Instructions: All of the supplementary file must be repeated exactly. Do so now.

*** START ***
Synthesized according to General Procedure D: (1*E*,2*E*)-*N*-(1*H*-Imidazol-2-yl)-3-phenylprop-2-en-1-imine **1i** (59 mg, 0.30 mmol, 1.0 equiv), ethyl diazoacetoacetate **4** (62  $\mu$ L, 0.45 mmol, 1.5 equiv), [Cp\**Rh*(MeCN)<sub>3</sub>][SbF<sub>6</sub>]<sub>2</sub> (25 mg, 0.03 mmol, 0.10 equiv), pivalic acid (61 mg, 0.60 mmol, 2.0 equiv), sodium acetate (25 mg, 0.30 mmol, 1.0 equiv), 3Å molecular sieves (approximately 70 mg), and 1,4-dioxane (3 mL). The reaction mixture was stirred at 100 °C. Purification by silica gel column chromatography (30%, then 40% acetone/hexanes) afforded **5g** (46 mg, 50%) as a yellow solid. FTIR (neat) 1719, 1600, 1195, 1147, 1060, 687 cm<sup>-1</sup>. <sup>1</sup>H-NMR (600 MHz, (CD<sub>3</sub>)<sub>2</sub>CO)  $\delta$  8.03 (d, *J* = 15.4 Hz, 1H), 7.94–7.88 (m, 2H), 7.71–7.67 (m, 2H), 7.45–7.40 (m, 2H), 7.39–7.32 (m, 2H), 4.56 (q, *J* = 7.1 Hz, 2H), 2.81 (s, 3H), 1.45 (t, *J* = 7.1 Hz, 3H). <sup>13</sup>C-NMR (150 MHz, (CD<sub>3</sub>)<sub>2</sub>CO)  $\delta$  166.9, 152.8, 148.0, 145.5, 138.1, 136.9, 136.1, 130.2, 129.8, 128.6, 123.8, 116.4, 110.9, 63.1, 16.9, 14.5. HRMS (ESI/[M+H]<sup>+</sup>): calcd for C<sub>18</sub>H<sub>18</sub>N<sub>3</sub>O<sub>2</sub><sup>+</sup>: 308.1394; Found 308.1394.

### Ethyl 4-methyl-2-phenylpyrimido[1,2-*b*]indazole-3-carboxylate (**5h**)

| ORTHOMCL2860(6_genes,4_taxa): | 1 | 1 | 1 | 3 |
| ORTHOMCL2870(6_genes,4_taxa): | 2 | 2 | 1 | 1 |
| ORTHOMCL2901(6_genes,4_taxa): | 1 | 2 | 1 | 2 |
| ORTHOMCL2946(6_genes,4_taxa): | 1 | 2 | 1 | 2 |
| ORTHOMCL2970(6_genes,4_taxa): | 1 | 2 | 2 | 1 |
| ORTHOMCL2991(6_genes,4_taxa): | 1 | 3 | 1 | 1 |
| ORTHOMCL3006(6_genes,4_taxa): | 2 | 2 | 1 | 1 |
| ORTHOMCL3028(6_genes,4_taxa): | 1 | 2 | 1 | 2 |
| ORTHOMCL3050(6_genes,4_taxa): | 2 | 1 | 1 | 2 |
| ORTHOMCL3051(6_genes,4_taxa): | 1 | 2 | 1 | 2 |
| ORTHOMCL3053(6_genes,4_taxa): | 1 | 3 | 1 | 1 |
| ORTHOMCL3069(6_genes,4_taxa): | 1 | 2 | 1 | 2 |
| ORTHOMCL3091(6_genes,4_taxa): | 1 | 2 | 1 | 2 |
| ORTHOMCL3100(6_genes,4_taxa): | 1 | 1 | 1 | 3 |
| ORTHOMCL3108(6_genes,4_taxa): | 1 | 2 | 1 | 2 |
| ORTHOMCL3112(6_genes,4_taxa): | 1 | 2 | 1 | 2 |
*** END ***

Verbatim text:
Synthesized according to General Procedure D: (1*E*,2*E*)-*N*-(1*H*-Imidazol-2-yl)-3-phenylprop-2-en-1-imine **1i** (59 mg, 0.30 mmol, 1.0 equiv), ethyl diazoacetoacetate **4** (62  $\mu$ L, 0.45 mmol, 1.5 equiv), [Cp\**Rh*(MeCN)<sub>3</sub>][SbF<sub>6</sub>]<sub>2</sub> (25 mg, 0.03 mmol, 0.10 equiv), pivalic acid (61 mg, 0.60 mmol, 2.0 equiv), sodium acetate (25 mg, 0.30 mmol, 1.0 equiv), 3Å molecular sieves (approximately 70 mg), and 1,4-dioxane (3 mL). The reaction mixture was stirred at 100 °C. Purification by silica gel column chromatography (30%, then 40% acetone/hexanes) afforded **5g** (46 mg, 50%) as a yellow solid. FTIR (neat) 1719, 1600, 1195, 1147, 1060, 687 cm<sup>-1</sup>. <sup>1</sup>H-NMR (600 MHz, (CD<sub>3</sub>)<sub>2</sub>CO)  $\delta$  8.03 (d, *J* = 15.4 Hz, 1H), 7.94–7.88 (m, 2H), 7.71–7.67 (m, 2H), 7.45–7.40 (m, 2H), 7.39–7.32 (m, 2H), 4.56 (q, *J* = 7.1 Hz, 2H), 2.81 (s, 3H), 1.45 (t, *J* = 7.1 Hz, 3H). <sup>13</sup>C-NMR (150 MHz, (CD<sub>3</sub>)<sub>2</sub>CO)  $\delta$  166.9, 152.8, 148.0, 145.5, 138.1, 136.9, 136.1, 130.2, 129.8, 128.6, 123.8, 116.4, 110.9, 63.1, 16.9, 14.5. HRMS (ESI/[M+H]<sup>+</sup>): calcd for C<sub>18</sub>H<sub>18</sub>N<sub>3</sub>O<sub>2</sub><sup>+</sup>: 308.1394; Found 308.1394.

### Ethyl 4-methyl-2-phenylpyrimido[1,2-*b*]indazole-3-carboxylate (**5h**)

| ORTHOMCL2860(6_genes,4_taxa): | 1 | 1 | 1 | 3 |
| ORTHOMCL2870(6_genes,4_taxa): | 2 | 2 | 1 | 1 |
| ORTHOMCL2901(6_genes,4_taxa): | 1 | 2 | 1 | 2 |
| ORTHOMCL2946(6_genes,4_taxa): | 1 | 2 | 1 | 2 |
| ORTHOMCL2970(6_genes,4_taxa): | 1 | 2 | 2 | 1 |
| ORTHOMCL2991(6_genes,4_taxa): | 1 | 3 | 1 | 1 |
| ORTHOMCL3006(6_genes,4_taxa): | 2 | 2 | 1 | 1 |
| ORTHOMCL3028(6_genes,4_taxa): | 1 | 2 | 1 | 2 |
| ORTHOMCL3050(6_genes,4_taxa): | 2 | 1 | 1 | 2 |
| ORTHOMCL3051(6_genes,4_taxa): | 1 | 2 | 1 | 2 |
| ORTHOMCL3053(6_genes,4_taxa): | 1 | 3 | 1 | 1 |
| ORTHOMCL3069(6_genes,4_taxa): | 1 | 2 | 1 | 2 |
| ORTHOMCL3091(6_genes,4_taxa): | 1 | 2 | 1 | 2 |
| ORTHOMCL3100(6_genes,4_taxa): | 1 | 1 | 1 | 3 |
| ORTHOMCL3108(6_genes,4_taxa): | 1 | 2 | 1 | 2 |
| ORTHOMCL3112(6_genes,4_taxa): | 1 | 2 | 1 | 2 |